We evaluated the antimicrobial activity of thirty-one nitrogen-containing 5-α-androstane derivatives in silico using computer program PASS (Prediction of Activity Spectra for Substances) and freely available PASS-based web applications (such as Way2Drug). Antibacterial activity was predicted for 27 out of 31 molecules; antifungal activity was predicted for 25 out of 31 compounds. The results of experiments, which we conducted to study the antimicrobial activity, are in agreement with the predictions. All compounds were found to be active with MIC (Minimum Inhibitory Concentration) and MBC (Minimum Bactericidal Concentration) values in the range of 0.0005–0.6 mg/mL. The activity of all studied 5-α-androstane derivatives exceeded or was equal to those of Streptomycin and, except for the 3β-hydroxy-17α-aza-d-homo-5α-androstane-17-one, all molecules were more active than Ampicillin. Activity against the resistant strains of E. coli, P. aeruginosa, and methicillin-resistant Staphylococcus aureus was also shown in experiments. Antifungal activity was determined with MIC and MFC (Minimum Fungicidal Concentration) values varying from 0.007 to 0.6 mg/mL. Most of the compounds were found to be more potent than the reference drugs Bifonazole and Ketoconazole. According to the results of docking studies, the putative targets for antibacterial and antifungal activity are UDP-N-acetylenolpyruvoylglucosamine reductase and 14-α-demethylase, respectively. In silico assessments of the acute rodent toxicity and cytotoxicity obtained using GUSAR (General Unrestricted Structure-Activity Relationships) and CLC-Pred (Cell Line Cytotoxicity Predictor) web-services were low for the majority of compounds under study, which contributes to the chances for those compounds to advance in the development. Full article
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Article
Plasticity of Coagulase-Negative Staphylococcal Membrane Fatty Acid Composition and Implications for Responses to Antimicrobial Agents
Antibiotics 2020, 9(5), 214; https://doi.org/10.3390/antibiotics9050214 - 28 Apr 2020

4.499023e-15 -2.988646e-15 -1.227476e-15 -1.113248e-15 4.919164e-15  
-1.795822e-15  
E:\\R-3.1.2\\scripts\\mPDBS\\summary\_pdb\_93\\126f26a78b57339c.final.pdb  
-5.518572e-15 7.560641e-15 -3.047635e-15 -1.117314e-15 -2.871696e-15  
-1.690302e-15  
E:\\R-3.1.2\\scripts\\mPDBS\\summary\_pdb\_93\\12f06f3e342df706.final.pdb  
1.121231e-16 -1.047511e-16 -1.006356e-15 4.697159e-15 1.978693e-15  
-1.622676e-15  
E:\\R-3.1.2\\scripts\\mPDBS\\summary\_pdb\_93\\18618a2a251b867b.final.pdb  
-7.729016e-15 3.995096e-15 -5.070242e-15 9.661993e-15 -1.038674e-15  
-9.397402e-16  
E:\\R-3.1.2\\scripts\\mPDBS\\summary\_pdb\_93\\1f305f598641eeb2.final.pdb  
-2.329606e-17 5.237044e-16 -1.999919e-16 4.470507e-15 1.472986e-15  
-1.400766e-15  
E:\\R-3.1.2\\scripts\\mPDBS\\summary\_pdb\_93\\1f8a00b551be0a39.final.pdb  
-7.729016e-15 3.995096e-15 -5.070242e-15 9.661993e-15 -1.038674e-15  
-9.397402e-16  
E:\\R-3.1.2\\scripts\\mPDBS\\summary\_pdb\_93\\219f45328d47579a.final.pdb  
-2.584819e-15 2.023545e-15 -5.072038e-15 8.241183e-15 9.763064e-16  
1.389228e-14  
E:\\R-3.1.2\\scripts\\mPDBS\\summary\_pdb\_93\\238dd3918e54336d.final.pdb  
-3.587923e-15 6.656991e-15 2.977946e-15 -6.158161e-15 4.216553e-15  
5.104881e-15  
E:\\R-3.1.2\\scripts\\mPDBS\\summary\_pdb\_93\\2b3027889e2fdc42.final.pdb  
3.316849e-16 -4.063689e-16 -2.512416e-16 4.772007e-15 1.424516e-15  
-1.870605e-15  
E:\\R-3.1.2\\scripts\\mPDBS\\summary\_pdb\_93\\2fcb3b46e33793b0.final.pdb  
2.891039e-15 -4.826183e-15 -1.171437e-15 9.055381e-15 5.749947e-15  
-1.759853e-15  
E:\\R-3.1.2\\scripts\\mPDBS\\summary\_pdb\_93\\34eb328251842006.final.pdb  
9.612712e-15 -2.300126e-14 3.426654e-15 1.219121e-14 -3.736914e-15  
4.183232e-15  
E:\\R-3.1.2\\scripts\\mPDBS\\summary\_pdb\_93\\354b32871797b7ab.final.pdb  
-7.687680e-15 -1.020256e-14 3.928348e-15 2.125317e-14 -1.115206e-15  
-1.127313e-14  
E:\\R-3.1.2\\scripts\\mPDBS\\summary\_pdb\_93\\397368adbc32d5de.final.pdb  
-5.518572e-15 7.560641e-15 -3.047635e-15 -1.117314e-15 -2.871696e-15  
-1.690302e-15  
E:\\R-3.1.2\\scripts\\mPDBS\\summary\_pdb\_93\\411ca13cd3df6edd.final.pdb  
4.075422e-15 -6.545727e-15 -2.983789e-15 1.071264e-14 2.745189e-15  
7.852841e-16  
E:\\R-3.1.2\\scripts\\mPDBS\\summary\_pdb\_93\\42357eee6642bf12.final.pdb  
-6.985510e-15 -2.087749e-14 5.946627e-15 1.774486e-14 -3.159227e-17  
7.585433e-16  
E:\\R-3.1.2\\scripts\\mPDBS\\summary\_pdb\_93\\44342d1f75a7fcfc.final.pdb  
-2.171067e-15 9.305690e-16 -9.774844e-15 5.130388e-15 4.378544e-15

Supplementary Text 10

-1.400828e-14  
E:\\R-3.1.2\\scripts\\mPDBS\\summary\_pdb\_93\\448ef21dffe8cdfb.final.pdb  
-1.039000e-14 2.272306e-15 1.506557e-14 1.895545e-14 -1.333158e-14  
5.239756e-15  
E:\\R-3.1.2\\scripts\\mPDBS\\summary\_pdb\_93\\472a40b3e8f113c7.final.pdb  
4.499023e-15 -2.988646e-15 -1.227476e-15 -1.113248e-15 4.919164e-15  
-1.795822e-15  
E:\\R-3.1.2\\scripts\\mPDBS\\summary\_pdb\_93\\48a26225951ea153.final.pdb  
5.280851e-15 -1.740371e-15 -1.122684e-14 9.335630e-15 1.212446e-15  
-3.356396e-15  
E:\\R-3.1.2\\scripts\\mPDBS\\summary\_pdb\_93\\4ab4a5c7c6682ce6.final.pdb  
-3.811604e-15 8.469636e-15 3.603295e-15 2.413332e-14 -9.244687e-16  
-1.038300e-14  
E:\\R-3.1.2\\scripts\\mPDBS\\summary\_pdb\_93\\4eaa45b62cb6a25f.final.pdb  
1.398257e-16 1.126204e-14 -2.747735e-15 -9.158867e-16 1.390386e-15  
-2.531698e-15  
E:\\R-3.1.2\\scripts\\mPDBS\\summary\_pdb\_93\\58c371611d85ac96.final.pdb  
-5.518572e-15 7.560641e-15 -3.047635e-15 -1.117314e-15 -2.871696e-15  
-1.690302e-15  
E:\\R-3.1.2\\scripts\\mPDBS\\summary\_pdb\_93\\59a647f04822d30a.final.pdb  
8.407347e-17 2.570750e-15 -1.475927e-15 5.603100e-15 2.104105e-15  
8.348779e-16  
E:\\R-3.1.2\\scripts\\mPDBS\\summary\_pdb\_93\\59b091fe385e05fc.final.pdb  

Cited by 4 | Viewed by 1042
Abstract
Staphylococcus aureus demonstrates considerable membrane lipid plasticity in response to different growth environments, which is of potential relevance to response and resistance to various antimicrobial agents. This information is not available for various species of coagulase-negative staphylococci, which are common skin inhabitants, can [...] Read more.
Staphylococcus aureus demonstrates considerable membrane lipid plasticity in response to different growth environments, which is of potential relevance to response and resistance to various antimicrobial agents. This information is not available for various species of coagulase-negative staphylococci, which are common skin inhabitants, can be significant human pathogens, and are resistant to multiple antibiotics. We determined the total fatty acid compositions of Staphylococcus auricularis, Staphylococcus capitis, Staphylococcus epidermidis, Staphylococcus haemolyticus, Staphylococcus hominis, Staphylococcus saprophyticus, and Staphylococcus aureus for comparison purposes. Different proportions of branched-chain and straight-chain fatty acids were observed amongst the different species. However, growth in cation-supplemented Mueller–Hinton broth significantly increased the proportion of branched-chain fatty acids, and membrane fluidities as measured by fluorescence anisotropy. Cation-supplemented Mueller–Hinton broth is used for routine determination of antimicrobial susceptibilities. Growth in serum led to significant increases in straight-chain unsaturated fatty acids in the total fatty acid profiles, and decreases in branched-chain fatty acids. This indicates preformed fatty acids can replace biosynthesized fatty acids in the glycerolipids of coagulase-negative staphylococci, and indicates that bacterial fatty acid biosynthesis system II may not be a good target for antimicrobial agents in these organisms. Even though the different species are expected to be exposed to skin antimicrobial fatty acids, they were susceptible to the major skin antimicrobial fatty acid sapienic acid (C16:1Δ6). Certain species were not susceptible to linoleic acid (C18:2Δ9,12), but no obvious relationship to fatty acid composition could be discerned. Full article